In a fast-paced academic setting, like the one at BASIS Independent Brooklyn, Ms. Parekh believes LETs can help take the lead in encouraging parental involvement to encourage students to get sufficient practice time in at home. She tries to make herself available to parents as much as possible, and gives them frequent updates on their child’s progress.
It must be noted that LETs also collaborate across grade bands, as do SETs. Ms. Strom commented, "Working together as a grade band and with other LETs is very important. The collaborative nature of our roles allows us to consult with each other to meet the needs of our classroom. I have utilized ideas for team-building games, inspiring morning messages, helping students problem-solve, and parent meetings from our wonderful colleagues. Our varied strengths and experiences allows us to be a strong team of Learning Expert Teachers.”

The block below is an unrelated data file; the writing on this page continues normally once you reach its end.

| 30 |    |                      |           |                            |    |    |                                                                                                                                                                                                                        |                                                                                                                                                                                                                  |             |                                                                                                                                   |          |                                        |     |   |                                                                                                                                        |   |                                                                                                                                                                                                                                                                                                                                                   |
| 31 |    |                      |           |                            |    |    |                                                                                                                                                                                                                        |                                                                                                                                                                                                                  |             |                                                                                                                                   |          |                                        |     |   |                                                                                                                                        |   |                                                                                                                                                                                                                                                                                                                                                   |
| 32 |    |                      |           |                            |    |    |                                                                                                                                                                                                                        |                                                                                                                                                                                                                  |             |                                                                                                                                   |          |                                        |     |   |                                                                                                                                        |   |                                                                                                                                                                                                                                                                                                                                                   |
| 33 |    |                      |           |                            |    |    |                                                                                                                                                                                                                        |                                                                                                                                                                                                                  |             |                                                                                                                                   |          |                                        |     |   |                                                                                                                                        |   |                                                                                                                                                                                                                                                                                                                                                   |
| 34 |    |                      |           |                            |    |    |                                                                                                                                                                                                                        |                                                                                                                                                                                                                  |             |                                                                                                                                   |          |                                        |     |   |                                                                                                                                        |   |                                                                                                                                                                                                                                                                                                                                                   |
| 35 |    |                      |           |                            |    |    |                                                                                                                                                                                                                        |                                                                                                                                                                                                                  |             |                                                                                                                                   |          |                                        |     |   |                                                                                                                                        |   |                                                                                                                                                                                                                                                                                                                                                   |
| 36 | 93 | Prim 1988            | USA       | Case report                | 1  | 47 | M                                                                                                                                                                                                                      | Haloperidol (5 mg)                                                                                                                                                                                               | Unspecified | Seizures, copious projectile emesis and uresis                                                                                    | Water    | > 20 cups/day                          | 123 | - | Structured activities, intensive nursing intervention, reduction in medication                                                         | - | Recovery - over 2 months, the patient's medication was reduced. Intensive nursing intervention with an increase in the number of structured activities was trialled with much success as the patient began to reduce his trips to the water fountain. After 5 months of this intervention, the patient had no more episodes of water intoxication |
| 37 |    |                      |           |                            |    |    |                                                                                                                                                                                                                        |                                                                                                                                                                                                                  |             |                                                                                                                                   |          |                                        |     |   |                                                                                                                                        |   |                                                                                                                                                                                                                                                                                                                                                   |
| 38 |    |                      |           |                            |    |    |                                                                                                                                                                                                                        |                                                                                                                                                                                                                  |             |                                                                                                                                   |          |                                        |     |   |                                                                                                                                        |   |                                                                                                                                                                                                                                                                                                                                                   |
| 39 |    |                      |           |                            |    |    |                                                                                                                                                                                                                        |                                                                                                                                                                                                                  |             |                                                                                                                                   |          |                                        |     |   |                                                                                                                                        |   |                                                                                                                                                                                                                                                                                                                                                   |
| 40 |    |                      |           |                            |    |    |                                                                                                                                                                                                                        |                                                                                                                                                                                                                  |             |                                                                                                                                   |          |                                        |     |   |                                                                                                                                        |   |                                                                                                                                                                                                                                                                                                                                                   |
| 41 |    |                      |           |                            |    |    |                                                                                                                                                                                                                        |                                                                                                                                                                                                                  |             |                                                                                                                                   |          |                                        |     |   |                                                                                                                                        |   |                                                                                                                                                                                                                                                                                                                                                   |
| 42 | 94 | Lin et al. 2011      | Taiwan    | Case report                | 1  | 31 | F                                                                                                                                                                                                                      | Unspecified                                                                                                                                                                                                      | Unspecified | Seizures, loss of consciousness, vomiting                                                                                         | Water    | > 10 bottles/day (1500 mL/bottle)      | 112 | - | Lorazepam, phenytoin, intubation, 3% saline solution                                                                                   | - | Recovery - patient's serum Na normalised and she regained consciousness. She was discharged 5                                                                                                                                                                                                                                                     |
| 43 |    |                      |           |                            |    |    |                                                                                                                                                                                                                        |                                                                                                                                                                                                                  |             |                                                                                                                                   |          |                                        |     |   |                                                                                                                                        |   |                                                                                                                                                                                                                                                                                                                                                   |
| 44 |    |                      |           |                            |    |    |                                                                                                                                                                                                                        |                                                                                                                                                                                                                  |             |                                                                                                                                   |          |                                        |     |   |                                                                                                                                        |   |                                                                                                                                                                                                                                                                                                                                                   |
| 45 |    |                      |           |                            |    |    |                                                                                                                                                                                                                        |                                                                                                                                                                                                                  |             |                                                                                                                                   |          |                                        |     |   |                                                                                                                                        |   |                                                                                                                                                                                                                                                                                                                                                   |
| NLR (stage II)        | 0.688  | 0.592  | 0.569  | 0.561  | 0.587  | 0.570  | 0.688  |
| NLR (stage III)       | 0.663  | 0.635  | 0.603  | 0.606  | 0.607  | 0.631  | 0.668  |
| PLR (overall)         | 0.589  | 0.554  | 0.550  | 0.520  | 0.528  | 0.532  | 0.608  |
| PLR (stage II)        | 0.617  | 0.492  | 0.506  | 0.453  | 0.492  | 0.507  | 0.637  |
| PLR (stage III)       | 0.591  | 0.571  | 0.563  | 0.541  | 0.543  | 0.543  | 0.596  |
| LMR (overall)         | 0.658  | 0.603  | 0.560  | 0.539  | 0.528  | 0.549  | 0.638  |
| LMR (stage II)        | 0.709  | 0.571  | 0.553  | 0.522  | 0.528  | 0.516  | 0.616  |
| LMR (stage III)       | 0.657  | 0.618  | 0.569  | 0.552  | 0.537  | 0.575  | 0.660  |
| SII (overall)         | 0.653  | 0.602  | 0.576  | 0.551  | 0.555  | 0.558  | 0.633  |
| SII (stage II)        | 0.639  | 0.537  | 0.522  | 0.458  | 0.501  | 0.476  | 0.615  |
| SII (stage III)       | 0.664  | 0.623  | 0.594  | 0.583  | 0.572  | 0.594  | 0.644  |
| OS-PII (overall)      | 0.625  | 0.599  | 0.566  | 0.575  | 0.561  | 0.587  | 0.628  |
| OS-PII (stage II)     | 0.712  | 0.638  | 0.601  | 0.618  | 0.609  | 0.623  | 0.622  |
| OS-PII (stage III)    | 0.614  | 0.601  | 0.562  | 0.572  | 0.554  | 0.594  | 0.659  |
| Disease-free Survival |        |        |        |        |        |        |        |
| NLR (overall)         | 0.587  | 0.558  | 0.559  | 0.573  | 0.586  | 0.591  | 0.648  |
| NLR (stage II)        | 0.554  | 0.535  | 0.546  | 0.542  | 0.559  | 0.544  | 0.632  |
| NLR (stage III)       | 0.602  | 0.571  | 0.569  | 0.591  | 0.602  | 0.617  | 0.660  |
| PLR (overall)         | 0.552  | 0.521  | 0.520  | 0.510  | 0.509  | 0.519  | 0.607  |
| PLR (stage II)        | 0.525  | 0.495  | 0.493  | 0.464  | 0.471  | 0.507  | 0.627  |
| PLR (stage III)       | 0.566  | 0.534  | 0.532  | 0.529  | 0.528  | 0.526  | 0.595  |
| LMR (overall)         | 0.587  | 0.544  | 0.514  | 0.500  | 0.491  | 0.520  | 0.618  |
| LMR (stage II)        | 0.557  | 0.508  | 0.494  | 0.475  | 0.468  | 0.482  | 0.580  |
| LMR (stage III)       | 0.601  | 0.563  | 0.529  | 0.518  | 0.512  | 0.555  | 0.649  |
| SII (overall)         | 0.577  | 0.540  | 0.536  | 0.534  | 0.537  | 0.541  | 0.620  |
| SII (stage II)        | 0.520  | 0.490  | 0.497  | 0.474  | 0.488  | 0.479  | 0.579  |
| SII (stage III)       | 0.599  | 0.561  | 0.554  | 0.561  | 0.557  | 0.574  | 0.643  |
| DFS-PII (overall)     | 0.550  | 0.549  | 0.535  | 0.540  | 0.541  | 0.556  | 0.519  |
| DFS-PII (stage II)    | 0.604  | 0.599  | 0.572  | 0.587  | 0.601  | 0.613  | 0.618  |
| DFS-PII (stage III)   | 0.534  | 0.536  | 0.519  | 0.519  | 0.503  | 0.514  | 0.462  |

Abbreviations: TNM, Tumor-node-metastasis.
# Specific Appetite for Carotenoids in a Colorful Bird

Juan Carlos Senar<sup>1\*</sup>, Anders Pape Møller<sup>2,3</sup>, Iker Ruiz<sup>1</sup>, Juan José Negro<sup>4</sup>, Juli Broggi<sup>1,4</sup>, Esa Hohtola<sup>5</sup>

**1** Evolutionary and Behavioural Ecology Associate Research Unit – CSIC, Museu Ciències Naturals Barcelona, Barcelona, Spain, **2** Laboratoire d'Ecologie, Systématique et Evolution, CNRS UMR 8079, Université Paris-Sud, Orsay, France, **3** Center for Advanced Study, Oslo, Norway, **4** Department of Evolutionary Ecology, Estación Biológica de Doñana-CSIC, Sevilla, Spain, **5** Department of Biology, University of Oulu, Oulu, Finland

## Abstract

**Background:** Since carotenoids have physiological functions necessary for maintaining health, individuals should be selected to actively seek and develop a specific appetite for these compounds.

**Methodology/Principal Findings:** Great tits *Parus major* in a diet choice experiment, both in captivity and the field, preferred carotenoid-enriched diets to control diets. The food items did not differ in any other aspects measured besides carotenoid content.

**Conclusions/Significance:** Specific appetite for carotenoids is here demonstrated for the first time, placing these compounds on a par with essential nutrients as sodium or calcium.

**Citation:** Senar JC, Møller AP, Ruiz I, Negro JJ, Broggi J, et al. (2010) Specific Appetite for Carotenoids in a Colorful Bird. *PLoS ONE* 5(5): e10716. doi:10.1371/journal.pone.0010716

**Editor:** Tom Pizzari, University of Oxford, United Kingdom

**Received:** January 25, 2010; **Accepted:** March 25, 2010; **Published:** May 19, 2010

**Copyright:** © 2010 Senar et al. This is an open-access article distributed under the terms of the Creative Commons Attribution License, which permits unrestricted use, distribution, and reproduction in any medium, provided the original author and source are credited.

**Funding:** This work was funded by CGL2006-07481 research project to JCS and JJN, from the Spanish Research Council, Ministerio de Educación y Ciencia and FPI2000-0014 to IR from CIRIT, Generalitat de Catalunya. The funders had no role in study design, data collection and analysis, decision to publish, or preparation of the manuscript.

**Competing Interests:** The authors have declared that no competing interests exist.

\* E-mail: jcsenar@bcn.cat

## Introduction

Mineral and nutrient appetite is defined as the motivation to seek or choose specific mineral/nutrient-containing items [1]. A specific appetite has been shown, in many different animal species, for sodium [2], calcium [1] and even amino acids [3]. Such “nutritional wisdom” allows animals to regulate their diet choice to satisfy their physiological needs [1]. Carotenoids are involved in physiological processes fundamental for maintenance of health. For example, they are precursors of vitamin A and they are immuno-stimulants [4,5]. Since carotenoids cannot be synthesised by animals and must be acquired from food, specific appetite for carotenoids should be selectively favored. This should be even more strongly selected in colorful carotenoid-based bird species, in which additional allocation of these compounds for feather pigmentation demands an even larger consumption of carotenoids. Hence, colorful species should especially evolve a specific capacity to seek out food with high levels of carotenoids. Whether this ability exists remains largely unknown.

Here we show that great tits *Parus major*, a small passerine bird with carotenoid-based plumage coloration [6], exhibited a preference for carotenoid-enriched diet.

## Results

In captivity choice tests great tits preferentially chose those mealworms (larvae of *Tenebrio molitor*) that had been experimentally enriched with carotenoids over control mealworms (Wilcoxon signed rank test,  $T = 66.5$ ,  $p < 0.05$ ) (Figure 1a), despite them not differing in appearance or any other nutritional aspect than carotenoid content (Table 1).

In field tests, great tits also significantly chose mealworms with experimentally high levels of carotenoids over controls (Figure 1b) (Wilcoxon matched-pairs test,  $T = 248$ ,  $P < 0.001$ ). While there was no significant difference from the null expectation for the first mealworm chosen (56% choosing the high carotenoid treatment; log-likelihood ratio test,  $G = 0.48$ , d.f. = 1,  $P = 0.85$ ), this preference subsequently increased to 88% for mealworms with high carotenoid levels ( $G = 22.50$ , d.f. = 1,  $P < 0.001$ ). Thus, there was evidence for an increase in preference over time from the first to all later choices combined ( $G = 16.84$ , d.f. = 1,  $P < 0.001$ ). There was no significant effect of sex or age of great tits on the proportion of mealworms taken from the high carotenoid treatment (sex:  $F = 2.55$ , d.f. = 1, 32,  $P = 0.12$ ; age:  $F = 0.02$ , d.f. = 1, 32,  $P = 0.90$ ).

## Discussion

All faculty interviewed agree that working together enables them to have a positive impact on the lives of their students in a way that would not be possible if they were teaching alone.
The LET/SET model enables our faculty to teach content ahead of grade level, and ensures that each student is able to master it before moving on. "It's the increased accountability that I love the most, both for the students and for us as educators," Mr. Sperrazza shared.